Copyright 1999 Reed Business Information, Inc.

From School Library Journal

YA-Graceanne's brother, nine-year-old Charlie, narrates this tale of life in small-town Missouri in the 1960s. Graceanne, 11, is the sole recipient of her mother's brutal beatings, sometimes for offenses committed by her older sister, or by Charlie. Graceanne is admittedly a handful: bright, independent, loud, sometimes foulmouthed, physically agile, and a daredevil. Her "book" is a collection of notebooks of poetry, stories, and observations about life. Charlie naturally finds and reads those notebooks and they help him relate her story. When the children's father, a military man, walks away from his family, they are forced to move to the poor part of town. Edie goes to work, sparing the family her presence much of the time. This is fine with Graceanne who, against her mother's wishes, becomes best friends with the black girl next door. Much of the book describes Graceanne's advents and the brutal punishments her mother metes out. YAs will be intrigued by these timeless, true-to-life characters and their ingenious escapades. Always in the background is the mighty river, thick, brown, and sometimes menacing. The descriptions of small-town life are dead-on, and the descriptions of the perils of growing up with an unpredictable, abusive mother are gripping. Much can be learned about life and growing up from Graceanne's book.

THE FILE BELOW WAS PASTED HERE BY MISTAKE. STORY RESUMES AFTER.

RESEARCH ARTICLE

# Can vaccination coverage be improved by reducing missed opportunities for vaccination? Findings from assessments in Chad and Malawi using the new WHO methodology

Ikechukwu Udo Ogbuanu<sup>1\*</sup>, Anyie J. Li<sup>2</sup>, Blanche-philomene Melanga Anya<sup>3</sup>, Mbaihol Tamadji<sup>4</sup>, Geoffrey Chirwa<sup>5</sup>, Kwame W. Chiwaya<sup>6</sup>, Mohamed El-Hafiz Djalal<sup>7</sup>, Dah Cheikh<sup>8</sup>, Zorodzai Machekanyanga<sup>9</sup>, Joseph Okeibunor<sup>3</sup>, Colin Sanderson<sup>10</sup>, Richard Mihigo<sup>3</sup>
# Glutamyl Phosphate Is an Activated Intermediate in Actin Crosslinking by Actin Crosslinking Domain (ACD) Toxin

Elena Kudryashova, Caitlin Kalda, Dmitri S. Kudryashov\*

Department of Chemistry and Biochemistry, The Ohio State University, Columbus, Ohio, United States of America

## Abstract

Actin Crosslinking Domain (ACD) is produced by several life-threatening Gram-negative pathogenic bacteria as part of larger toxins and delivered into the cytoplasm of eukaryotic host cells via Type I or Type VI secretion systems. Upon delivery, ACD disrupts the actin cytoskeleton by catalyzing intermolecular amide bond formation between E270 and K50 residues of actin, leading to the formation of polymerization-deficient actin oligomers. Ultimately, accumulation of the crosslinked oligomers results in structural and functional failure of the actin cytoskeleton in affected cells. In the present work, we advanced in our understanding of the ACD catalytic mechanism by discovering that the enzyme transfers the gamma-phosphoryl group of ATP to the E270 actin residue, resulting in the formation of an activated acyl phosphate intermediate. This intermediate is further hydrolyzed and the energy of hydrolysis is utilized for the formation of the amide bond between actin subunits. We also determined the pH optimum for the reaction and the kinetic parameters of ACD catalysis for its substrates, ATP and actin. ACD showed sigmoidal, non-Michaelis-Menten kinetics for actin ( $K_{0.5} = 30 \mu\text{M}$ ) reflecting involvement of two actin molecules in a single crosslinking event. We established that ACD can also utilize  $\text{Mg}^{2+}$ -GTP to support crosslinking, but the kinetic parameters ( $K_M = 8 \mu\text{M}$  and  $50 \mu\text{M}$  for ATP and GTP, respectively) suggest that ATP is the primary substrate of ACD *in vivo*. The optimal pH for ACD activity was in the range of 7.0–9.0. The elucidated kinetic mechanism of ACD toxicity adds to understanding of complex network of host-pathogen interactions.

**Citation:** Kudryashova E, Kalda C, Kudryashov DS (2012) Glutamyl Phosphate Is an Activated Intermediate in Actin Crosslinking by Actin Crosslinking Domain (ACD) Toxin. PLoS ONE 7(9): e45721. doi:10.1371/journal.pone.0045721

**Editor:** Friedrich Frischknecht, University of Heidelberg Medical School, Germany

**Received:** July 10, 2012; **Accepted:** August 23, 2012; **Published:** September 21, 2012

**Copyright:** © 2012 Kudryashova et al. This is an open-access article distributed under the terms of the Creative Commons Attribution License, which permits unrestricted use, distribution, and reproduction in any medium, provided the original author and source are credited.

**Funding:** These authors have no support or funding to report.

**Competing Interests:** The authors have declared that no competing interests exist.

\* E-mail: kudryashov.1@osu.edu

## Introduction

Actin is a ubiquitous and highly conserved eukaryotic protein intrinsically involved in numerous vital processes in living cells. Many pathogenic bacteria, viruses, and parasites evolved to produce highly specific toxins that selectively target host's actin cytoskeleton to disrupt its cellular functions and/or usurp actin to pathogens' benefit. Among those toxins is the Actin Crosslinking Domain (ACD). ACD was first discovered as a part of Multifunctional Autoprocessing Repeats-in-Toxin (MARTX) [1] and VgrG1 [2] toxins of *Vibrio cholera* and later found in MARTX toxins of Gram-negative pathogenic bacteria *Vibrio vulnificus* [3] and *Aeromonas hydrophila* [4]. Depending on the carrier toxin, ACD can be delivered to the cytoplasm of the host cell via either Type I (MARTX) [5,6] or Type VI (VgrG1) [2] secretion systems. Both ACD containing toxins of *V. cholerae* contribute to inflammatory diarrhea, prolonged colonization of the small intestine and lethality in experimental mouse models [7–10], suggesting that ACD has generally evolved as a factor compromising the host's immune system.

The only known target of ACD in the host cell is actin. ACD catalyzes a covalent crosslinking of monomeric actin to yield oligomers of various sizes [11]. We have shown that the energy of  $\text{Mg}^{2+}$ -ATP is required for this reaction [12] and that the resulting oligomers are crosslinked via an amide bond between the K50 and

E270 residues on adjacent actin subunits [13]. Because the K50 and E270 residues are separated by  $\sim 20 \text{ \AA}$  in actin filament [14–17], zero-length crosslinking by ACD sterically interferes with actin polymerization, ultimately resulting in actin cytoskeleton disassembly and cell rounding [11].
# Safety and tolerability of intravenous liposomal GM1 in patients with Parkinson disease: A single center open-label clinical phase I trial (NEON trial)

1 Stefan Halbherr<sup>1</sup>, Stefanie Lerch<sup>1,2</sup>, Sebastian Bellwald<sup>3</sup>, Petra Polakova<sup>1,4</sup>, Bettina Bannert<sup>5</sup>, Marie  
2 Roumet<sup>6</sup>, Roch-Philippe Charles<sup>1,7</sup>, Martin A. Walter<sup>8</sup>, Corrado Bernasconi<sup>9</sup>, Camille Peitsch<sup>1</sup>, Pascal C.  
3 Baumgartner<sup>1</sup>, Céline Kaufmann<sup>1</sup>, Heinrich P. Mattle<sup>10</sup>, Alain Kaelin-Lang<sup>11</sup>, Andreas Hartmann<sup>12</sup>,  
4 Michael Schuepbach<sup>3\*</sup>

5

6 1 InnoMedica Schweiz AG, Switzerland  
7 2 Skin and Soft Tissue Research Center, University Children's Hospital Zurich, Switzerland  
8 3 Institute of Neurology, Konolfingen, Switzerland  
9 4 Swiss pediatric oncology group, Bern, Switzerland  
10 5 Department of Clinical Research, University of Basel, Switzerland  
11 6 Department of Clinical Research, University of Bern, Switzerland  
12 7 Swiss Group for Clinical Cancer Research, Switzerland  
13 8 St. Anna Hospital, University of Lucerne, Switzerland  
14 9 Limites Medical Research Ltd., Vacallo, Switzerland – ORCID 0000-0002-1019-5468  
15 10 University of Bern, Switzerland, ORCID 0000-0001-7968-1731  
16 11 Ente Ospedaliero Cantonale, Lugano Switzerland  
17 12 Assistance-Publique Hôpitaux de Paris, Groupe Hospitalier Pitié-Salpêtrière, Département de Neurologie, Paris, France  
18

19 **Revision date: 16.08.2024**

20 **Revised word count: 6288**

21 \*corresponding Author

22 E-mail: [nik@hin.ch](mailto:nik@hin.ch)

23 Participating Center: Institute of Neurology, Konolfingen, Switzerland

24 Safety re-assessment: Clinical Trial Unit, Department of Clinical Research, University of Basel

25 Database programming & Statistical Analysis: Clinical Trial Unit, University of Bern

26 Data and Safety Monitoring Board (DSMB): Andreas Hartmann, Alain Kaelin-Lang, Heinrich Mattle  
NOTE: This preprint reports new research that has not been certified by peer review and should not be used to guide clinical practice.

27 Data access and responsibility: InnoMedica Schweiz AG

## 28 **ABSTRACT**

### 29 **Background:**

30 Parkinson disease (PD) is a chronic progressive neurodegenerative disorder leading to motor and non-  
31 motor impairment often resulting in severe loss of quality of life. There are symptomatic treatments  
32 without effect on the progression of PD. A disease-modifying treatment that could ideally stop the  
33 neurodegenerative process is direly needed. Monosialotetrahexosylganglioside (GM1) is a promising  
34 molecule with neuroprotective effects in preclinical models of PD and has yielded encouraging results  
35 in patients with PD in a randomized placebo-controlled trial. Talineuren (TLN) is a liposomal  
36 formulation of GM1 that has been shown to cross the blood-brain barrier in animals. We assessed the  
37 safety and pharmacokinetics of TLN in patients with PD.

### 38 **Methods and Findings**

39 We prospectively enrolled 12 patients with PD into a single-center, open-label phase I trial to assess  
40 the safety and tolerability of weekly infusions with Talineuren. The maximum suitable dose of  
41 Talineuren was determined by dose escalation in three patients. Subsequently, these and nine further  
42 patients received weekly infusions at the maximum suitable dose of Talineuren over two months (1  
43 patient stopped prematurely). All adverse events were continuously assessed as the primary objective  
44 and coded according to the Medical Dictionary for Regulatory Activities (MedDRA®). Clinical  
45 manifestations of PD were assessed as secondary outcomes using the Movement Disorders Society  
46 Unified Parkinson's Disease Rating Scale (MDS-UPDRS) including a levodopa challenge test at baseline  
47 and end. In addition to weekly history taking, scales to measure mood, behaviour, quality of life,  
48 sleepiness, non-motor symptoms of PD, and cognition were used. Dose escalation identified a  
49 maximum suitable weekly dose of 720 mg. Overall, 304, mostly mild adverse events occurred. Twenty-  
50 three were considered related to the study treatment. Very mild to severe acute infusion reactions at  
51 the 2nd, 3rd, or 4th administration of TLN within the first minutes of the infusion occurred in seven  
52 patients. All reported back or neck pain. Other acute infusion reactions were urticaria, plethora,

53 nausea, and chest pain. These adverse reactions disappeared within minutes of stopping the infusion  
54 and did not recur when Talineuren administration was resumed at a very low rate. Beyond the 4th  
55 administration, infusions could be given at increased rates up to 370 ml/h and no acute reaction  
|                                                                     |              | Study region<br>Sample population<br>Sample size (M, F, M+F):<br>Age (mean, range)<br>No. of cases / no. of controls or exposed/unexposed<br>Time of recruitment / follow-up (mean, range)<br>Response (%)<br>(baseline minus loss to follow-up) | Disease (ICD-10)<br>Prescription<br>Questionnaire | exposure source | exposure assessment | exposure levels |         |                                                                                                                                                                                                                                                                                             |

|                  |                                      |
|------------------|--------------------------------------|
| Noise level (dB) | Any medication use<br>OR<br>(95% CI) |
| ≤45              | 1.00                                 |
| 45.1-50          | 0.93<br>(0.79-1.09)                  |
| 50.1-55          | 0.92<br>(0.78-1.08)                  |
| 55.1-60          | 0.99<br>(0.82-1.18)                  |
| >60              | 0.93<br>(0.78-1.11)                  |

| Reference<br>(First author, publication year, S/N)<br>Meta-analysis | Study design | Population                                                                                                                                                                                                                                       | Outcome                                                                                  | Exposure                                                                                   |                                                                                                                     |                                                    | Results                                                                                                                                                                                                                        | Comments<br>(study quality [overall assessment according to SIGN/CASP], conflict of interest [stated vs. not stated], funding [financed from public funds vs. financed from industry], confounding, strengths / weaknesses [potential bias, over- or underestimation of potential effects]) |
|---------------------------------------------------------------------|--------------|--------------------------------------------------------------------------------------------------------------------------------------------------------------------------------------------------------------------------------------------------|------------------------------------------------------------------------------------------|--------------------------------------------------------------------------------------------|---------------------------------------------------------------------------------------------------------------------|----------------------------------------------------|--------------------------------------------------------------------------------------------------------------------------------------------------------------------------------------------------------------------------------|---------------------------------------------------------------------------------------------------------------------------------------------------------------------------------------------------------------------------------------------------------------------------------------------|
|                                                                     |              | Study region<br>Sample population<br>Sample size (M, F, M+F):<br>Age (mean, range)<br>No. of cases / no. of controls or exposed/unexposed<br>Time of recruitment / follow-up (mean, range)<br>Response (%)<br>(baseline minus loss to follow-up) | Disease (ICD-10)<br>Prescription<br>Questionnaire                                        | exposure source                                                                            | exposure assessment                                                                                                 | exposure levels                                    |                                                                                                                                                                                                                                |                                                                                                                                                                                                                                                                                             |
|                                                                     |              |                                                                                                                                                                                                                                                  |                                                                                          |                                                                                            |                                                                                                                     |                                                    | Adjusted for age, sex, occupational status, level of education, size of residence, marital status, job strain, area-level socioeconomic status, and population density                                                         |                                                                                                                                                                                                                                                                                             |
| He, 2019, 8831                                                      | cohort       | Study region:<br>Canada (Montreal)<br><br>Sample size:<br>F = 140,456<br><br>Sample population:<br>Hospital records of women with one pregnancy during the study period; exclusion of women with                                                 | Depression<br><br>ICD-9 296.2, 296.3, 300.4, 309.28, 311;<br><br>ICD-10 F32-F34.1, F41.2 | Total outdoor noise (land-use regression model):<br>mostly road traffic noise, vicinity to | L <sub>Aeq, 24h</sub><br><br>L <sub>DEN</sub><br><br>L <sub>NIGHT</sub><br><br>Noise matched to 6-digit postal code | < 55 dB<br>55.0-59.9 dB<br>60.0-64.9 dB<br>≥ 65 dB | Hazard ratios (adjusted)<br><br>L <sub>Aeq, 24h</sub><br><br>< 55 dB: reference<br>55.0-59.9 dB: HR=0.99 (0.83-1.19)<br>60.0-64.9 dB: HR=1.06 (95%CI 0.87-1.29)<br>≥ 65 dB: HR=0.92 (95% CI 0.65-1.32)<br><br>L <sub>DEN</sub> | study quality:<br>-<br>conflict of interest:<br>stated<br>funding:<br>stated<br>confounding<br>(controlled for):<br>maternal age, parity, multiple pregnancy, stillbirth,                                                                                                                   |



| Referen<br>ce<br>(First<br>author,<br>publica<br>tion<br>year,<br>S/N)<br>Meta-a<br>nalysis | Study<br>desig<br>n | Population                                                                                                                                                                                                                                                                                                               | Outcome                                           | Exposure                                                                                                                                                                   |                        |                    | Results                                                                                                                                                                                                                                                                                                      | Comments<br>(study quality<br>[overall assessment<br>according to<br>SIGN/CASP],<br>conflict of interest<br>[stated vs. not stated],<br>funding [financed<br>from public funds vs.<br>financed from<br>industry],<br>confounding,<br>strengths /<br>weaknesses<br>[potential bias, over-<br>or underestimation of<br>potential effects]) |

Molly Connally, Kings Park Library, Fairfax County, VA
Copyright 1999 Reed Business Information, Inc.

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Format: Paperback
The minute I finished this book I wanted to talk about it with someone. I wanted to explore the rich Missouri setting, the strong characters that are authentic and interesting, and the issues of racisim and child abuse that rage through this novel like the river that floods Graceanne's home town.
In a nutshell, Graceanne is a spirited highly intelligent child who is the sole recipient of her mother's violent abuse. She remains strong, witty and true to herself throughout the entire novel. I strongly disagree with a fellow reviewer who believes that Graceanne "got what she deserved" because she was such a willful and devilish child. I believe her antics, such as hiding out in the school's flooded basement for two days so that she could be "Champion for Eternity" in a game of hide-and-seek, was her way of not letting the abuse do her in. It was her way of preserving her soul.